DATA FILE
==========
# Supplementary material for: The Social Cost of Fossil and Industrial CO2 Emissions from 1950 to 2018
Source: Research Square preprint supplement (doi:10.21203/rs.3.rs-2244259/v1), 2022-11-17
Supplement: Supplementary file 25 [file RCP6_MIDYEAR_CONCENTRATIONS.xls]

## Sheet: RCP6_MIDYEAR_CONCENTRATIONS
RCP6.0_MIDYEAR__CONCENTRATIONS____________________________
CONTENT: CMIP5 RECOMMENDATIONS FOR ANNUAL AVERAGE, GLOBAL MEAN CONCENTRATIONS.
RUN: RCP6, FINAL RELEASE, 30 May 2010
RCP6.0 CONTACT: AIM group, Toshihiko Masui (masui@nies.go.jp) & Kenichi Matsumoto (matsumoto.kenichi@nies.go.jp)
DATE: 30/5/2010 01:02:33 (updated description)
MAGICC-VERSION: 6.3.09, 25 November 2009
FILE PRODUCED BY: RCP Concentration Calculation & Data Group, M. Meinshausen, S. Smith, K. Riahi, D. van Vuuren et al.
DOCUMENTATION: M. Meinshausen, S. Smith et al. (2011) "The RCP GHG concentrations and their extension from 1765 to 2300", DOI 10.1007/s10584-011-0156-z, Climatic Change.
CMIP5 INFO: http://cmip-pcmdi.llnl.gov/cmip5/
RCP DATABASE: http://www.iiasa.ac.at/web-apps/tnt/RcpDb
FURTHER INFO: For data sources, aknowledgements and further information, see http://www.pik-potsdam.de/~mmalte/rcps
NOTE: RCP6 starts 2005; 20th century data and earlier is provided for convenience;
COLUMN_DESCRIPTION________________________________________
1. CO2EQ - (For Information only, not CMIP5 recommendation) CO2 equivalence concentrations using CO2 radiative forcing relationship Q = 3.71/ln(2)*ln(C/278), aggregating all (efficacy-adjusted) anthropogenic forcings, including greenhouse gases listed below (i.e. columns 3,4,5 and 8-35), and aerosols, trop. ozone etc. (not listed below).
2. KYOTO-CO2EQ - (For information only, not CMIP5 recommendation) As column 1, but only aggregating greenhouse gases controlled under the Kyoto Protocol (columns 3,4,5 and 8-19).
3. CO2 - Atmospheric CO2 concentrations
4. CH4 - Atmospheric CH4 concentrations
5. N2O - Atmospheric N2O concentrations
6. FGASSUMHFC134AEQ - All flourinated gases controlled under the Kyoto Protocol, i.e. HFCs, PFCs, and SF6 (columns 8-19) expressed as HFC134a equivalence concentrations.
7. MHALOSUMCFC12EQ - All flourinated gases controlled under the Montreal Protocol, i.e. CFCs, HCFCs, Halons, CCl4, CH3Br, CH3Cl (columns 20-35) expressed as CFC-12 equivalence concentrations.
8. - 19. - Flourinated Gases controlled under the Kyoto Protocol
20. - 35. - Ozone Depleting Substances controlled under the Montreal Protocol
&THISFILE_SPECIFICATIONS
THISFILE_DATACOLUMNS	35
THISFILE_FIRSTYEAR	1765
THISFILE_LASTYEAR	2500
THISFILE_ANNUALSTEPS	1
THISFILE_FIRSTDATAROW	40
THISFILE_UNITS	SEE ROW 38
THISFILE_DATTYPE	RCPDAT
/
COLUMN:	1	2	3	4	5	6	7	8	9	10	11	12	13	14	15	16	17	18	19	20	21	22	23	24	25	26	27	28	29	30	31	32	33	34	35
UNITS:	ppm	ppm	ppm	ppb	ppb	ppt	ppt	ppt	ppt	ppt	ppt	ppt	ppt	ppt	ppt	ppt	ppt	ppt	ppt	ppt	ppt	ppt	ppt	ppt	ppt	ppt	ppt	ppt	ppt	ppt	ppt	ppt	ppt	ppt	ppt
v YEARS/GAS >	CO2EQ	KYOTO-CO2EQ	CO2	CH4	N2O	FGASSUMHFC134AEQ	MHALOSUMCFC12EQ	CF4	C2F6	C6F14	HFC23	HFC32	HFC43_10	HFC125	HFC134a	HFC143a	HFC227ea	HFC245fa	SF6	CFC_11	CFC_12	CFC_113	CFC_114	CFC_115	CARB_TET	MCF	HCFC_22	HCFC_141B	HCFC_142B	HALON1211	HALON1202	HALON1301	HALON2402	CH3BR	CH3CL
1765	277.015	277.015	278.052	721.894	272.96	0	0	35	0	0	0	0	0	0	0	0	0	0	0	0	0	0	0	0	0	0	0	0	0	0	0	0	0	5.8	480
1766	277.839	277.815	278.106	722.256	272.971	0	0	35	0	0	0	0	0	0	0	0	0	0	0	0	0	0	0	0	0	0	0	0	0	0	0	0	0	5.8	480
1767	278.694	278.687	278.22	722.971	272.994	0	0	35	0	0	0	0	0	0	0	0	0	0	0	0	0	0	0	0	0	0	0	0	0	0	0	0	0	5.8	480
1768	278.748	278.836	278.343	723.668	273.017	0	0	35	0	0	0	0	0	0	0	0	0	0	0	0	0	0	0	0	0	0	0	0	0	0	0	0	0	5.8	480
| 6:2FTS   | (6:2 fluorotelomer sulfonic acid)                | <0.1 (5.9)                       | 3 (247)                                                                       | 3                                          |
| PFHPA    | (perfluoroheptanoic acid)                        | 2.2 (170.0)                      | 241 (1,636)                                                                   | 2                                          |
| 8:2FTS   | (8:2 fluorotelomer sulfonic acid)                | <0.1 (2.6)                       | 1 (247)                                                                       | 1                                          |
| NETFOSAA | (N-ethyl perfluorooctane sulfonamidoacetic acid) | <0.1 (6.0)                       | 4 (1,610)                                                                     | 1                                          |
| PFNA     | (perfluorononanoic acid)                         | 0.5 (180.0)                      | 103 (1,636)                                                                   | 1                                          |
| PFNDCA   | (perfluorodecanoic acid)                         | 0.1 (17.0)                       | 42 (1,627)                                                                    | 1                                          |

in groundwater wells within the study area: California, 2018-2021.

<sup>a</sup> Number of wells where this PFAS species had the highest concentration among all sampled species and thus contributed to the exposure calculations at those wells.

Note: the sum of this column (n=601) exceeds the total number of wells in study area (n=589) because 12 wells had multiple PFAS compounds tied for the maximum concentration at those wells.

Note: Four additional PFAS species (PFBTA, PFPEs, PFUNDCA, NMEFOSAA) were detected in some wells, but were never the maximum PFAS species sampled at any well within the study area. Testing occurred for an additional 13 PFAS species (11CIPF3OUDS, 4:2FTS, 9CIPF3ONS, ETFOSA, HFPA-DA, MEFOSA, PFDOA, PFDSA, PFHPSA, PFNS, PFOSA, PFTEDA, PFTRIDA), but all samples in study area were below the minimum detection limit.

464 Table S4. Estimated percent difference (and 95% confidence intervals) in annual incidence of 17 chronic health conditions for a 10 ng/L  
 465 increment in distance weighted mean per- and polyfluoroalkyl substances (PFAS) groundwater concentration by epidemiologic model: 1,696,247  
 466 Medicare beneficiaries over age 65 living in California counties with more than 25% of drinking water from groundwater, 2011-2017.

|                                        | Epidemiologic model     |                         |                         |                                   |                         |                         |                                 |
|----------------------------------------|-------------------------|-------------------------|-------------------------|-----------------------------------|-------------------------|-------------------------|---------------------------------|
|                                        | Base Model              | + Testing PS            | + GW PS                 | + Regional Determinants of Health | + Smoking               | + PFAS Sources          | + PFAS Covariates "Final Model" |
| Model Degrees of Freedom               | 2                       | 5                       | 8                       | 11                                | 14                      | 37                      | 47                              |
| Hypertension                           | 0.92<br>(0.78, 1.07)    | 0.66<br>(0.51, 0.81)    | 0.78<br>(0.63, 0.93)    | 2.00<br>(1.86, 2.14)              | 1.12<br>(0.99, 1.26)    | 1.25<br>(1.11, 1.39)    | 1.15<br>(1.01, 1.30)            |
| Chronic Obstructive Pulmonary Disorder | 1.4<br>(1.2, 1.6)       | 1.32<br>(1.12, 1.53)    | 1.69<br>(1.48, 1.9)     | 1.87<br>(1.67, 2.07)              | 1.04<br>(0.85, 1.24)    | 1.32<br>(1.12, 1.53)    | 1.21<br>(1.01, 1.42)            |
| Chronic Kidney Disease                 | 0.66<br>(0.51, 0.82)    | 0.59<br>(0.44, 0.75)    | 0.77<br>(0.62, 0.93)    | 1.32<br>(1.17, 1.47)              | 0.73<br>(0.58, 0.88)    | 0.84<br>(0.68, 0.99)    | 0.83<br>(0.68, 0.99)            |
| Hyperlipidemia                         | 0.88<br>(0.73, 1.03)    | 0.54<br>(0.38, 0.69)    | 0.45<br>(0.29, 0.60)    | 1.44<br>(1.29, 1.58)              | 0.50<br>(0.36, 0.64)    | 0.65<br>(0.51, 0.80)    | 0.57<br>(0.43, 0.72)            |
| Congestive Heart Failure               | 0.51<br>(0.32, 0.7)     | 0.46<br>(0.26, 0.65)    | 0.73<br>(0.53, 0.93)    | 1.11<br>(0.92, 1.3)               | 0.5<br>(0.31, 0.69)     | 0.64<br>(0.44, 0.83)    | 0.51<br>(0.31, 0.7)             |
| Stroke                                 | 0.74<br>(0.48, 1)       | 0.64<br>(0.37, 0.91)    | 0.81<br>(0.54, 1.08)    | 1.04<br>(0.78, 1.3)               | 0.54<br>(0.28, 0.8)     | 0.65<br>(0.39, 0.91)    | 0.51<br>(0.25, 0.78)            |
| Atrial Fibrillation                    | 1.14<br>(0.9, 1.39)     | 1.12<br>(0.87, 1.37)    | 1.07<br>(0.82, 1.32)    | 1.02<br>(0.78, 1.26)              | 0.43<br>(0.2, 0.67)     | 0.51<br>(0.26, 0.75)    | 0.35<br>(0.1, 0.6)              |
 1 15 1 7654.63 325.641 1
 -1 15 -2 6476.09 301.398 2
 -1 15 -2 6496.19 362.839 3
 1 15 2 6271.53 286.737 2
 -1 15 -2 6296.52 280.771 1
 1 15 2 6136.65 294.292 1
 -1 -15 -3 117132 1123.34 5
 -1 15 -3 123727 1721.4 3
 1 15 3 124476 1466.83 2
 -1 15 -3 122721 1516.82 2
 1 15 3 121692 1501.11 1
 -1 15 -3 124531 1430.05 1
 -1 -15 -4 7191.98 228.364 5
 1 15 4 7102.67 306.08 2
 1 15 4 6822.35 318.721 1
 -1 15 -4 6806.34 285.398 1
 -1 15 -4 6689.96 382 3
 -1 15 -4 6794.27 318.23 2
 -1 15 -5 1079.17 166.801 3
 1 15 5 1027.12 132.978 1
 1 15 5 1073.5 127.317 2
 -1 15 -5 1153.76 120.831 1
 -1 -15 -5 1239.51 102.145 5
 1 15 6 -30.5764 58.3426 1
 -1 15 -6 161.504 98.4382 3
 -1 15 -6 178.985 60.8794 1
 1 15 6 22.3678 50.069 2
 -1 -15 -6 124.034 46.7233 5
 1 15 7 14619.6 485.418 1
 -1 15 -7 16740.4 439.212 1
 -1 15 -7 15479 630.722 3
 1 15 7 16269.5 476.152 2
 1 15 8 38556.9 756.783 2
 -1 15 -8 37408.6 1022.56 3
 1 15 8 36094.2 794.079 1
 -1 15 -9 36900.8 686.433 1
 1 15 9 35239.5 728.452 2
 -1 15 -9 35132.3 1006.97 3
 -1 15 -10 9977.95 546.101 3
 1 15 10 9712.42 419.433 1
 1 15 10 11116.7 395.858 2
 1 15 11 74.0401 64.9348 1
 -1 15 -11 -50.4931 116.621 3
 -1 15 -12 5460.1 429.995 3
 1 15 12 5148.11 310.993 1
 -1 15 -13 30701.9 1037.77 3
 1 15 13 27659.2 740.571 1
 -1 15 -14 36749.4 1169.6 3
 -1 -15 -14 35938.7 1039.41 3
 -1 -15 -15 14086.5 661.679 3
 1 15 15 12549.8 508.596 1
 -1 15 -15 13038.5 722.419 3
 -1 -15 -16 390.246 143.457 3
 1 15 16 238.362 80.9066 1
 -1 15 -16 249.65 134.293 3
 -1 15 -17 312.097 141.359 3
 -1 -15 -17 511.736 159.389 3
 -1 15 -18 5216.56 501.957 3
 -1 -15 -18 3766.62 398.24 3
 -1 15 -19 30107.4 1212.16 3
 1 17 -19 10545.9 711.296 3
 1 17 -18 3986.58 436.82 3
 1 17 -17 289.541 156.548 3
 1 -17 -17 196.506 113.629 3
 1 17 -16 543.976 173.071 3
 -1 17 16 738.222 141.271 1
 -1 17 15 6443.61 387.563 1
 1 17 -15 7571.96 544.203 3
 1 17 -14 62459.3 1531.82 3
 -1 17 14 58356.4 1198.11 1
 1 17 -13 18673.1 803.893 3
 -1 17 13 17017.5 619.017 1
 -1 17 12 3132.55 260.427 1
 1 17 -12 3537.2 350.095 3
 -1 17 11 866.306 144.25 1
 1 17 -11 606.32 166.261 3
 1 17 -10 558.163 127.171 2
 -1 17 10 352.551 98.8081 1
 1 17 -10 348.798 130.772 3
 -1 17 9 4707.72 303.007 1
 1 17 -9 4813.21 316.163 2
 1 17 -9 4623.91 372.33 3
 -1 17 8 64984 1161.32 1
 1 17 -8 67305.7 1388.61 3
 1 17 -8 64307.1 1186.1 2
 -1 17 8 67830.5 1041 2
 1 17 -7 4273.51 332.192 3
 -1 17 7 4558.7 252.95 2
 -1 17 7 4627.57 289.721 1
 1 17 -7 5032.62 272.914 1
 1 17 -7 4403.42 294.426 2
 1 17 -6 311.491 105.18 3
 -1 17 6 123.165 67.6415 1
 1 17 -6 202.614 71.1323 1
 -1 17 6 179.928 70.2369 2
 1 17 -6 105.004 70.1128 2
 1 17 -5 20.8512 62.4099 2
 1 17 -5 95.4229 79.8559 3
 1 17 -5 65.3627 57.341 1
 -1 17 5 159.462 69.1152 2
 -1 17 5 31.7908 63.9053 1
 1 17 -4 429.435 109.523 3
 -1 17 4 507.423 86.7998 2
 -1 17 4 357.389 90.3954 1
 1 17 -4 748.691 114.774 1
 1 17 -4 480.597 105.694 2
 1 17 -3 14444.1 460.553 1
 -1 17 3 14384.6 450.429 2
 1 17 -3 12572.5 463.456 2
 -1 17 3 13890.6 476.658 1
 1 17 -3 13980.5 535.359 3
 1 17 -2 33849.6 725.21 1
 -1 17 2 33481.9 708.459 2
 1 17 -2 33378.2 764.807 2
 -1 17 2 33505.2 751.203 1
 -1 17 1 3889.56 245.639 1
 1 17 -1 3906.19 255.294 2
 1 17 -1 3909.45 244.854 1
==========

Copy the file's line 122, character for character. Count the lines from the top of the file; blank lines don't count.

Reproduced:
 -1 15 -17 312.097 141.359 3